A child is disabled if he is blind, deaf or dumb or suffers from a mental disorder of any kind or is substantially and permanently handicapped by illness, injury or congenital deformity or such other disability as may be prescribed.
Source: Children Act 1989, Section 17 (11).
A person has a disability for the purposes of this Act if he has a physical or mental impairment which has a substantial and long-term adverse effect on his ability to carry out normal day-to day activities.
Source: Disability Discrimination Act 1995, Section 1(1).
Source: SEN Code of Practice 2001, 1:21.
The latest documents and information on the Code of Practice can be downloaded from the DfES web site.
SEN Code of Practice 7:52 - This guidance does not assume that there are hard and fast categories of special educational need. It recognises ... that each child is unique and that the questions asked by LEAs should reflect the particular circumstances of that child. ... Children will have needs and requirements which may fall into at least one of four areas, many children will have inter-related needs.
Summaries of the four key areas of SEN identified in the Code of Practice with links to related articles.
CoP 7:55 - Most children with special
educational needs have strengths and difficulties in one, some or all of the
areas of speech,
language and communication.
Their communication needs may be both diverse and complex. They will need to continue to develop their linguistic competence in order to support their thinking as well as their communication.
The range of difficulties will encompass children and young people with speech and language delay, impairments or disorders, specific learning difficulties, such as dyslexia and dyspraxia,
hearing impairment and
those who demonstrate features within the autistic spectrum;
they may also apply to some children and young people with moderate, severe or profound learning difficulties.
The range of need will include those for whom language and communication difficulties are the result of permanent sensory or physical impairment.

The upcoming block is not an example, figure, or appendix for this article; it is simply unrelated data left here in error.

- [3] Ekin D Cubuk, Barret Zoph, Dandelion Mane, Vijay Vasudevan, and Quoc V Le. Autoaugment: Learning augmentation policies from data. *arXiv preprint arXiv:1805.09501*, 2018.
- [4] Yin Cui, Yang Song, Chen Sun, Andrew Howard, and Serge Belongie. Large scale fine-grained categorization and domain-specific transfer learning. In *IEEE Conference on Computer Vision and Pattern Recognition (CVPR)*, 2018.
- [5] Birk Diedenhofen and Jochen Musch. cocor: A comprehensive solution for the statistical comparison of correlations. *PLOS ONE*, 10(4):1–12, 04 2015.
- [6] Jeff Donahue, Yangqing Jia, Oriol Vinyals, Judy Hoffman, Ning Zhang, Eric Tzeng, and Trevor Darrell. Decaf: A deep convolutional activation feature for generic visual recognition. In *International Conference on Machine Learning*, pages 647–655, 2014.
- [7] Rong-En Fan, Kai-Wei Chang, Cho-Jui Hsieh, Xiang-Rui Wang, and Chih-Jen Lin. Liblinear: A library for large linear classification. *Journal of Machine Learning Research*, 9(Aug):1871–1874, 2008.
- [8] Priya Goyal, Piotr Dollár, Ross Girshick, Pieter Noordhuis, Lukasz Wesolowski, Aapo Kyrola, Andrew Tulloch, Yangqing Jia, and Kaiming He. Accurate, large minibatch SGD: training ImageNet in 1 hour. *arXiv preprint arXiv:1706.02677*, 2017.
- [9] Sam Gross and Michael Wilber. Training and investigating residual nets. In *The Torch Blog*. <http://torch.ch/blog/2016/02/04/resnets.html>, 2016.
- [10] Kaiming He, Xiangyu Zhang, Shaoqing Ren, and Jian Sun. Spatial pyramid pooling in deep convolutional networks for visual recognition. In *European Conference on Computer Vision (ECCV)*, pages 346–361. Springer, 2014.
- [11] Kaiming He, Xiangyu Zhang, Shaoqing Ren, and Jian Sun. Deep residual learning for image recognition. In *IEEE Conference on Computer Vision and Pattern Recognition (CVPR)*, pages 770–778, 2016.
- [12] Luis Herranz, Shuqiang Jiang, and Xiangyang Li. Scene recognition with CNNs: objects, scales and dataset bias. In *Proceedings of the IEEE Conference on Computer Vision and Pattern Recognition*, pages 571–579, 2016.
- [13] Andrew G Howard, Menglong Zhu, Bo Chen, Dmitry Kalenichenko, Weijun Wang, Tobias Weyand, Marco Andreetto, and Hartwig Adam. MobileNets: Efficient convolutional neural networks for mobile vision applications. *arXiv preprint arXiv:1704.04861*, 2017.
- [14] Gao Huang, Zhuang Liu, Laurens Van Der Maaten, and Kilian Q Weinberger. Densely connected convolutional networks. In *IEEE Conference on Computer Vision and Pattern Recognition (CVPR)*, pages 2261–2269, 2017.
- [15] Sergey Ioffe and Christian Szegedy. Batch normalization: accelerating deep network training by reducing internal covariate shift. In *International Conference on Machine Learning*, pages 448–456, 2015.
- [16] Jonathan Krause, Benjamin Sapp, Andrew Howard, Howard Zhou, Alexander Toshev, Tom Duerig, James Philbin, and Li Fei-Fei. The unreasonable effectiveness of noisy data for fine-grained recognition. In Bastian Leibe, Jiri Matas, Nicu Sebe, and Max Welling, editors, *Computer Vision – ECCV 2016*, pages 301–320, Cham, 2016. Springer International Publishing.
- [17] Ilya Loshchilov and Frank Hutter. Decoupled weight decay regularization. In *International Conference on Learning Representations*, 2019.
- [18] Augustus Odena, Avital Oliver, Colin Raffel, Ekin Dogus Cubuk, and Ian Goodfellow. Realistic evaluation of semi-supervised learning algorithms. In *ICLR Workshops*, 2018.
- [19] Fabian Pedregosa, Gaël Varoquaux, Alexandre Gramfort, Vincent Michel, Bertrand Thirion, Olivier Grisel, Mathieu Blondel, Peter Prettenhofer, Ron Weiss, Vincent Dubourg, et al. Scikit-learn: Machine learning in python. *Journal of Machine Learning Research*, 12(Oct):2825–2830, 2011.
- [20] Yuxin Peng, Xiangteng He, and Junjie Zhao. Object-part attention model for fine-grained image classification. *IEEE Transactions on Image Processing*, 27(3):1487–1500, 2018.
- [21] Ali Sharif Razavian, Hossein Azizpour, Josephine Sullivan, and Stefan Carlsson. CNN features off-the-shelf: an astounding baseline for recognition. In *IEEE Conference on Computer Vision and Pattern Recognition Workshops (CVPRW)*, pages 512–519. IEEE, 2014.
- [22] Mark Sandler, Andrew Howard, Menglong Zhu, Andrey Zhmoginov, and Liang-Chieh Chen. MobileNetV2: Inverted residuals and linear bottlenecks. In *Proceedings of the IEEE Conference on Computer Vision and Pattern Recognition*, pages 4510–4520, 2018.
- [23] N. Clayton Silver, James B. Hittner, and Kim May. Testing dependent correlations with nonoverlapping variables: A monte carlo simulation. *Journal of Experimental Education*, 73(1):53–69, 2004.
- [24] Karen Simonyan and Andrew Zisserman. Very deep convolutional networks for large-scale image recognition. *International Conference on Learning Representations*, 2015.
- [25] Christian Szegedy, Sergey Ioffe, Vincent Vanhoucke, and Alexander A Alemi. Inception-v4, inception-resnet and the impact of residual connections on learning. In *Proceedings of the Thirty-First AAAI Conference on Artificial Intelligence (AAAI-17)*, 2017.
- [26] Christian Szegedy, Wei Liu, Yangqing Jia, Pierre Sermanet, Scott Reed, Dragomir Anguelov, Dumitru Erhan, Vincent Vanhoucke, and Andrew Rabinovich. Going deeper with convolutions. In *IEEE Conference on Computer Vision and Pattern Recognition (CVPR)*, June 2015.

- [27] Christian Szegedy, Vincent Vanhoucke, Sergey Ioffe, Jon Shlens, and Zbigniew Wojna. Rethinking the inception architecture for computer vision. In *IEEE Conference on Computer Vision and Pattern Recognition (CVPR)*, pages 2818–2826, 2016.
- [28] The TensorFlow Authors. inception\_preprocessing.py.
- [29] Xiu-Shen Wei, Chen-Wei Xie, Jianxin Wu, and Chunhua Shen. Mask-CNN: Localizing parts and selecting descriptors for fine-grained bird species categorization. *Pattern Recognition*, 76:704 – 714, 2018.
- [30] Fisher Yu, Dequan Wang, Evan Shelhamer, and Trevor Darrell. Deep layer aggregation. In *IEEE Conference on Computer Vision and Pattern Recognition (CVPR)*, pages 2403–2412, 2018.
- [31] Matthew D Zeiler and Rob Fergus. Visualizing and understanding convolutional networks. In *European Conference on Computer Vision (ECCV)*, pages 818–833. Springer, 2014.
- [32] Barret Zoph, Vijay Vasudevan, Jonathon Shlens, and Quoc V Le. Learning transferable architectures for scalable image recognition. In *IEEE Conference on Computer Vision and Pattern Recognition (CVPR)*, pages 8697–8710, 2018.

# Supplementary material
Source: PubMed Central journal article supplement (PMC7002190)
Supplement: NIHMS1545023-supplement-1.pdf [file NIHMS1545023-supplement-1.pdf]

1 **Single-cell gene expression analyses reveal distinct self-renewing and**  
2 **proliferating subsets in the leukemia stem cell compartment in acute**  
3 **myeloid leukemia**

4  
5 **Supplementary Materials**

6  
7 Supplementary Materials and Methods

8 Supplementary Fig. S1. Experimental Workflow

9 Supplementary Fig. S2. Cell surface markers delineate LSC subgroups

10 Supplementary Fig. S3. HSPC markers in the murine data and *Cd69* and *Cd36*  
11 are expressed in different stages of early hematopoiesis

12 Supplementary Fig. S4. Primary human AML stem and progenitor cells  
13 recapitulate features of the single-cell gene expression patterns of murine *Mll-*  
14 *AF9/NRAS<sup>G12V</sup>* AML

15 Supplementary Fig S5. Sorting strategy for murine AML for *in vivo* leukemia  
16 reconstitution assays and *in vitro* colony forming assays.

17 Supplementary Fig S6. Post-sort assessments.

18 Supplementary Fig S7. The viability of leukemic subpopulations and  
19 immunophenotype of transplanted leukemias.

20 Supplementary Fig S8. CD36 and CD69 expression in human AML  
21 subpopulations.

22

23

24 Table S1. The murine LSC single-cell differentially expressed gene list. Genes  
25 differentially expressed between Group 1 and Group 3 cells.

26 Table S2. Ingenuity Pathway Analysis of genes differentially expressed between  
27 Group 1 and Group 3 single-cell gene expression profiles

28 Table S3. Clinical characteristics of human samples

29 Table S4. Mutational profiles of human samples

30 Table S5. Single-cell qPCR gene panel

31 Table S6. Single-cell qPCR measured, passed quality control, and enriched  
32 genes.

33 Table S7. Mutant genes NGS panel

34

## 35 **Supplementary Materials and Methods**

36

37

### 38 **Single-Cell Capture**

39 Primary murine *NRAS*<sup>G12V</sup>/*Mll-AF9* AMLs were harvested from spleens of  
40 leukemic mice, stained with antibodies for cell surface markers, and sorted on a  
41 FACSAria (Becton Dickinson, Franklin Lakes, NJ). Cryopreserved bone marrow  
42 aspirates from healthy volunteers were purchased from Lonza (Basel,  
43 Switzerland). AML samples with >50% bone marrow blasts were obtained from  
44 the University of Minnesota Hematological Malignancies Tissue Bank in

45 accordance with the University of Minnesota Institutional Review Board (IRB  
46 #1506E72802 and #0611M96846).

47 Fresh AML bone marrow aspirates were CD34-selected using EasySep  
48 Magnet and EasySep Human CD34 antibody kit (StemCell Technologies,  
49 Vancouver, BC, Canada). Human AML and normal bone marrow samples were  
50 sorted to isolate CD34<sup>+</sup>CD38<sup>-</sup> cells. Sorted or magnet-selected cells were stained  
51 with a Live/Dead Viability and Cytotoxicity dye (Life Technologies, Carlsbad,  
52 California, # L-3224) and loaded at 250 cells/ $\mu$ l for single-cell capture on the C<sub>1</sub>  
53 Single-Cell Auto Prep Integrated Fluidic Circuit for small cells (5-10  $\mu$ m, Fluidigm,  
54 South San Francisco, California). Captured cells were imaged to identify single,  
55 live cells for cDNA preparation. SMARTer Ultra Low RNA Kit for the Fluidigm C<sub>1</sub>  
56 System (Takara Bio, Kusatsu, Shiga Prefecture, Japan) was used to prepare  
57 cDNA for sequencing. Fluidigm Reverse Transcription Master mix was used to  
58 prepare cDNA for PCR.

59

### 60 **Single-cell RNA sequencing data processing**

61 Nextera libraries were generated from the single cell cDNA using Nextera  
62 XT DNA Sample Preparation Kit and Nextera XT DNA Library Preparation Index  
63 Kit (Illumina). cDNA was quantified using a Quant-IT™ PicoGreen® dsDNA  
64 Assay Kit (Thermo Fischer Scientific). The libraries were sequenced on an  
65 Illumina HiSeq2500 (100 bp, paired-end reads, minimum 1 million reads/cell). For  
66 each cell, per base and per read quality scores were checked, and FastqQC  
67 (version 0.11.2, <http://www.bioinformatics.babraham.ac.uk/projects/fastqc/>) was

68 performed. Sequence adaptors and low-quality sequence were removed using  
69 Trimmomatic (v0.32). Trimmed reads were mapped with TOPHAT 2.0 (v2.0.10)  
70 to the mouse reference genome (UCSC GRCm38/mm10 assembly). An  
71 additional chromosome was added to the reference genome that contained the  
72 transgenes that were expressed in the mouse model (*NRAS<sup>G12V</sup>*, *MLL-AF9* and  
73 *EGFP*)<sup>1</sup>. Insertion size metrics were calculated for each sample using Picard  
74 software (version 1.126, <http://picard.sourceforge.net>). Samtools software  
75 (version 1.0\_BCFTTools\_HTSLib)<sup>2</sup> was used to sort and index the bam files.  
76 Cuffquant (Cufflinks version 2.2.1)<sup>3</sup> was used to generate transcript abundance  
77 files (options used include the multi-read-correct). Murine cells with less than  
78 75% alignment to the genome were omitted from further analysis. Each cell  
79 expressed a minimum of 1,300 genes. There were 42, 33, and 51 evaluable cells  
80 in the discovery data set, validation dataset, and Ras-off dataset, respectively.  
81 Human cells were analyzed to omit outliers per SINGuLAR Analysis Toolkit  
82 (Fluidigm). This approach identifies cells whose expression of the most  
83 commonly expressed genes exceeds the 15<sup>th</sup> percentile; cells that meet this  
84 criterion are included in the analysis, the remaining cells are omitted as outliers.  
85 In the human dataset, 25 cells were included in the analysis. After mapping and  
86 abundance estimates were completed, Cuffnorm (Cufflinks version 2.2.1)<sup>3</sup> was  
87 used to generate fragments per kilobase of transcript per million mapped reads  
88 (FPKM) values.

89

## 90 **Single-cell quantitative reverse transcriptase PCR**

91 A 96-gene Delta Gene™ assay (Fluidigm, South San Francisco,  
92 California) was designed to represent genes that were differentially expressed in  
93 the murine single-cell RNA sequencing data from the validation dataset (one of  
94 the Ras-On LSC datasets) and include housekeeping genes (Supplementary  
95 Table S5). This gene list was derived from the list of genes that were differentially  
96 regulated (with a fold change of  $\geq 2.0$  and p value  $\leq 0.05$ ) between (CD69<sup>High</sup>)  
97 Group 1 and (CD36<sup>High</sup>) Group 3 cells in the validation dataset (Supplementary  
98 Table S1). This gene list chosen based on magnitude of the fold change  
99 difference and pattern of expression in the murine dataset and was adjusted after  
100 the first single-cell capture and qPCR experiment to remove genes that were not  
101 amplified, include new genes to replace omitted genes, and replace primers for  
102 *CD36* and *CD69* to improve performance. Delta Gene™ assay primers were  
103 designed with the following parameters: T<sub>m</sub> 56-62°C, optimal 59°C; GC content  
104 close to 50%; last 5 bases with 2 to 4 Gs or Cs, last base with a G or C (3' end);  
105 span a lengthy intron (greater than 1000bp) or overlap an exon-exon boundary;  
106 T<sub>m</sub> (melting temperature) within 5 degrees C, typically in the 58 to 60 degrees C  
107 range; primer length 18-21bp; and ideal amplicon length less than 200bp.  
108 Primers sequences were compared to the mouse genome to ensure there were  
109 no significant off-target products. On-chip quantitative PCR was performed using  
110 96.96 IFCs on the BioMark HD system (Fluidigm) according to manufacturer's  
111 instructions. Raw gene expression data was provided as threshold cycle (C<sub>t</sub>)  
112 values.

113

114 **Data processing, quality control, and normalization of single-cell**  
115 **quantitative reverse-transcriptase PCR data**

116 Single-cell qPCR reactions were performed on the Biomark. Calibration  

CoP 7:58 - Children who demonstrate
moderate, severe or profound learning difficulties or
specific learning difficulties, such as dyslexia or dyspraxia, require specific programmes to aid progress in cognition and learning. Such requirements may also apply to some extent to children with physical and sensory impairments and those on the autistic spectrum. Some of these children may have associated sensory, physical and behavioural difficulties that compound their needs.
CoP 7:60 - Children and young people who demonstrate features of emotional and behavioural difficulties, who are withdrawn or isolated, disruptive and disturbing, hyperactive and lack concentration; those with immature social skills; and those presenting challenging behaviours arising from other complex special needs, may require help or counselling for some, or all, of the following:
CoP 7:62 - There is a wide spectrum of sensory, multi-sensory
and physical difficulties.
The sensory range extends from profound and permanent deafness or visual impairment through to lesser levels of loss, which may only be temporary. Physical impairments may arise from physical, neurological or metabolic causes that only require appropriate access to educational facilities and equipment; others may lead to more complex learning and social needs; a few children will have multi-sensory difficulties some with associated physical difficulties.